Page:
Comment 70809

By adrian (registered) | Posted October 24, 2011 at 09:39:45 in reply to Comment 70769

I'm just not sure that even with a cross walk every 200m and every road having a posted speed limit of 30 km/h would do much.

Actually, if the speed limit was 30 km/h, most people struck by cars would not die. At 32 km/h, the likelihood that you will be killed by a car is 5%. At 48 km/h it is 45%, at 64 km/h (pretty standard on our main arteries), the likelihood is 85%. So your claim about 30 km/h is patently, scientifically false.

See this article for more details on that.

Secondly, although I appreciate you taking the time to list the fatalities from 2010, cherry-picking one particular year does not prove your point. The most recent fatality was the one I wrote about, a woman who "attempted to cross Fennell". In September, it was a young woman who was killed on Main Street at Main and Walnut. In March, two people died:

"On Friday, March 4, at about 8:30 p.m., a 23-year-old woman crossing Barton Street just east of Normanhurst Avenue was struck by a car. She died early March 5. Her name has not been released.

On Monday, March 7, Travis Savidant, a 15-year-old high school student, died after one of two vehicles involved in a collision at the intersection of East 14th and Howe streets struck him on the sidewalk."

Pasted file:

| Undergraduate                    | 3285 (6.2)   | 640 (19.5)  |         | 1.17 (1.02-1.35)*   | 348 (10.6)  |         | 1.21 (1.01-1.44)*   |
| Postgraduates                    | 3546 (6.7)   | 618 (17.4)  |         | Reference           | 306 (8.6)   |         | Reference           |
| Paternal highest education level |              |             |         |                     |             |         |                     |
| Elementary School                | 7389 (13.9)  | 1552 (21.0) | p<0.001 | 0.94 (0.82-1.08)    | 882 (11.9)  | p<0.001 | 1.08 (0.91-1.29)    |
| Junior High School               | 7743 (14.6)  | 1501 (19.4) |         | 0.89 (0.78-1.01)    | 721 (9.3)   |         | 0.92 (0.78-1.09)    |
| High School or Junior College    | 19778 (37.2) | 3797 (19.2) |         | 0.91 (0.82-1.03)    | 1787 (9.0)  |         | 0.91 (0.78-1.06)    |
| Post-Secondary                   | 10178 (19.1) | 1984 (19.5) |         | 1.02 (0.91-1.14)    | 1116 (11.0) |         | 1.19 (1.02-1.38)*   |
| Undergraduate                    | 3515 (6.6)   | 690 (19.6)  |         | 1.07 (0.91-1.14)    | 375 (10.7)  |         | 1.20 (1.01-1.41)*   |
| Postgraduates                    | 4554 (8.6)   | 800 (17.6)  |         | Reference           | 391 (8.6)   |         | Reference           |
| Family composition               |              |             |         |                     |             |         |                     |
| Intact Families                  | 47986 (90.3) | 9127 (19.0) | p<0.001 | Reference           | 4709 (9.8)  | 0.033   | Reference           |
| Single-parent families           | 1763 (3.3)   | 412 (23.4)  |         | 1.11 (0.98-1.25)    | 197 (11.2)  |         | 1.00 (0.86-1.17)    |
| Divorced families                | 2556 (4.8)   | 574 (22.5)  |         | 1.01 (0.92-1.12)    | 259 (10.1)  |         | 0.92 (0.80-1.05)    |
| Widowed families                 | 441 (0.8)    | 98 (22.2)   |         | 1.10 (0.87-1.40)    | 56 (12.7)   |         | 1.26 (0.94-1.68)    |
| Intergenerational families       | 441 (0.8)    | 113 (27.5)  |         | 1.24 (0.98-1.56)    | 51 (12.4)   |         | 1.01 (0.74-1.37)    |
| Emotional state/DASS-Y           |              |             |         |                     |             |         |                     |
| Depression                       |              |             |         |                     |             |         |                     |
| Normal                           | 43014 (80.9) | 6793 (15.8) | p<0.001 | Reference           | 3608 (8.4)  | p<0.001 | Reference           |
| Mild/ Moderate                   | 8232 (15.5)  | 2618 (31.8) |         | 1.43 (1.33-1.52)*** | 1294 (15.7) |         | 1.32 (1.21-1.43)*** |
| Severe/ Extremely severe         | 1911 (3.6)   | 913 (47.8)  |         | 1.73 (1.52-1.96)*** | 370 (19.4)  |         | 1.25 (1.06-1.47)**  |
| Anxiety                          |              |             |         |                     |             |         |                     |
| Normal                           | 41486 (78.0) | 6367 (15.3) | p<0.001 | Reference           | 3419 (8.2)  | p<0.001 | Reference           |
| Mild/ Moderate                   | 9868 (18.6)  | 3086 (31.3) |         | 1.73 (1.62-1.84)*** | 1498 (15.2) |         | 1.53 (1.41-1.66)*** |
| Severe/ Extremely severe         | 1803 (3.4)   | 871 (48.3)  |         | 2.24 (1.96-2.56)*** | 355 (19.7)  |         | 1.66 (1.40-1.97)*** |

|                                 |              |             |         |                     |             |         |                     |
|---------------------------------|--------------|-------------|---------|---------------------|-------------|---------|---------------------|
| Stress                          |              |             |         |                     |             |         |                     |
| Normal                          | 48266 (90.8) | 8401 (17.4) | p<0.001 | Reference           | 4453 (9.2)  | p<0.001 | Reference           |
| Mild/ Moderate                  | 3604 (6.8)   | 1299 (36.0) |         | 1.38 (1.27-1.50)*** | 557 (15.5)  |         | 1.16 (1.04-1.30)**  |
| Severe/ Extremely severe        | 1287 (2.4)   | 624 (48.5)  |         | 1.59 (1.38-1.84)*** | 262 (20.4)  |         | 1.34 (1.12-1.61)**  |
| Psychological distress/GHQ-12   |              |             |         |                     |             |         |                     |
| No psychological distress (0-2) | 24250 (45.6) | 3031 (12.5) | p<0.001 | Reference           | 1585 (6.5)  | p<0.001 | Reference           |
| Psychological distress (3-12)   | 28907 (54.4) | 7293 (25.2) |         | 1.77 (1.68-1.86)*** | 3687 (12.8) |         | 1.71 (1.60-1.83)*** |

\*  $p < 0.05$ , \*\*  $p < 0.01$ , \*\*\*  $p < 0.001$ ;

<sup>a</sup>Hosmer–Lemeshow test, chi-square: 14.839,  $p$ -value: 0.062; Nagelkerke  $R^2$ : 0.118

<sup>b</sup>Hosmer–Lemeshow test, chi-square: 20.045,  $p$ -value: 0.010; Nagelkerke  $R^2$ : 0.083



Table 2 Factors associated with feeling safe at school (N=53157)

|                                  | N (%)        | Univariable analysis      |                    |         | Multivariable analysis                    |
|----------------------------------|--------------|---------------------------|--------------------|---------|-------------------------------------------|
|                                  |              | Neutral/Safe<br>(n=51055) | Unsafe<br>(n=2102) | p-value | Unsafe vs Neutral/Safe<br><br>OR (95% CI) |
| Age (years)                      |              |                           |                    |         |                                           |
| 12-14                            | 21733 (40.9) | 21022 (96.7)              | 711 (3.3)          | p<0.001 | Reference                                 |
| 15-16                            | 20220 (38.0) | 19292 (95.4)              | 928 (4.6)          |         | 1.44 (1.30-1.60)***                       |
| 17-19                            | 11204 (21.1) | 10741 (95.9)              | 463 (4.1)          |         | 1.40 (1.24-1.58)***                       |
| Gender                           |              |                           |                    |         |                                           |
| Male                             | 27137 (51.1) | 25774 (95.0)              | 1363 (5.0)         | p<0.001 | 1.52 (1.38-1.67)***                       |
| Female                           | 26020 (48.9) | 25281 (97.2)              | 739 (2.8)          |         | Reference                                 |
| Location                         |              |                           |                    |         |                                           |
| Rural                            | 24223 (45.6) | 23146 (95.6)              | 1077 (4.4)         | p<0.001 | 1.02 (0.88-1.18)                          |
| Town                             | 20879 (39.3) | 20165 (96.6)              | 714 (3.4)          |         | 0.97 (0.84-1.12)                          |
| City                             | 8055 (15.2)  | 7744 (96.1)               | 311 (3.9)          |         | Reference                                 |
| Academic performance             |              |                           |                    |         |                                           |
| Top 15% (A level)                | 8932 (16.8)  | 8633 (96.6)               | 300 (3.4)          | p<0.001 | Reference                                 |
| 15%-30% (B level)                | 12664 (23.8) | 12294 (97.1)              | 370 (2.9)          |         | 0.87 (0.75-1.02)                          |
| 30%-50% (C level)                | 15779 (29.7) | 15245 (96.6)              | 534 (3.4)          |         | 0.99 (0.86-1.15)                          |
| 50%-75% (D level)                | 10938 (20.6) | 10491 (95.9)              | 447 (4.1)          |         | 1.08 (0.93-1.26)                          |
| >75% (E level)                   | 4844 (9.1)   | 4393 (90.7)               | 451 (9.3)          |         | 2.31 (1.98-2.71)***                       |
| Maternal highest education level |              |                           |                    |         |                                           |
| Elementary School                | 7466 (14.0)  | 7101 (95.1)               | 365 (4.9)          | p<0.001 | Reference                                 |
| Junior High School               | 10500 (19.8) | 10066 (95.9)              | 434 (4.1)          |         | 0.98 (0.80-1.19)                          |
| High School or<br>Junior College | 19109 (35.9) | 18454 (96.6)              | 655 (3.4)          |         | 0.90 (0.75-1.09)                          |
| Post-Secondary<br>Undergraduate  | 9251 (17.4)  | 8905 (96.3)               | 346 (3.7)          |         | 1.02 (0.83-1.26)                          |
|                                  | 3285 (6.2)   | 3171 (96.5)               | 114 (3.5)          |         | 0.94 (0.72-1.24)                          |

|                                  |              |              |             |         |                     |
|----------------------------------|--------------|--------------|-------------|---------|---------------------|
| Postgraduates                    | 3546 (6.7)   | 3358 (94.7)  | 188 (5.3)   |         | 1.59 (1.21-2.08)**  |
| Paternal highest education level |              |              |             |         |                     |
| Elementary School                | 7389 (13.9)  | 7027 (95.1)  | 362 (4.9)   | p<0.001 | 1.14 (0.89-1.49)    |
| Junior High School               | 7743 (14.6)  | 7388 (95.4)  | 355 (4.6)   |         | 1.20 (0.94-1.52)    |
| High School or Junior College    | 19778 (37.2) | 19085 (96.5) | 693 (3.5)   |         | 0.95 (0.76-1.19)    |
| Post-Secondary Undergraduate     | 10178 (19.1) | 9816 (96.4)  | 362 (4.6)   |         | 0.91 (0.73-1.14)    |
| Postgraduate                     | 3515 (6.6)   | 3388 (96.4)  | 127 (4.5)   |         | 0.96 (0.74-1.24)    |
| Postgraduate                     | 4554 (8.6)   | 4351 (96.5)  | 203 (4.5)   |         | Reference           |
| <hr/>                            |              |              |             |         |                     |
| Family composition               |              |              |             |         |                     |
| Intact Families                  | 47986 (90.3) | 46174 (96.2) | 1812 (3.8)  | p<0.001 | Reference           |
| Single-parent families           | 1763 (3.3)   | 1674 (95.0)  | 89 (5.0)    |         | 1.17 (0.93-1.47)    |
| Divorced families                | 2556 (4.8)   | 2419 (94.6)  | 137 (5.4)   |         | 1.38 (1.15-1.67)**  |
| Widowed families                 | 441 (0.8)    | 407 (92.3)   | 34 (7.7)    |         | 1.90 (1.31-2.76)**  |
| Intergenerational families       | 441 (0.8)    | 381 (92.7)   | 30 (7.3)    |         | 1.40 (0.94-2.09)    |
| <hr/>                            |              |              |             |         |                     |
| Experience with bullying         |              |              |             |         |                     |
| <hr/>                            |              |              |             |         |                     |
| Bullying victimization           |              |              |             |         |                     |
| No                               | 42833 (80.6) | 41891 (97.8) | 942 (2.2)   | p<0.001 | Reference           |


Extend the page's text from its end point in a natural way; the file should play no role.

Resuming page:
These are all urban locations, and if the cars were traveling substantially slower than they were, I suspect that there would have been fewer fatalities, and probably - based on the statistics I quoted - none.

Looking at the data above, it appears the one suggestion that might actually make a difference is to have dedicated bike lanes. The bike lanes should either be equipped with a physical barrier to protect from cars or should be on roads with reduced car traffic and reduced speeds.

You're not looking at "data", you're looking at anecdotes. Eleven fatalities in one year do not represent data from which you can extrapolate conclusions. The data - as in, studies based on thousands of incidents - clearly indicate that changes, such as reduced speed limits, do reduce pedestrian fatalities.

Furthermore, the information on cycling that I posted about show that as the rate of cycling increases, overall fatalities decrease - not because of physically separated bike lanes, but because the streets become safer for EVERYONE on them.

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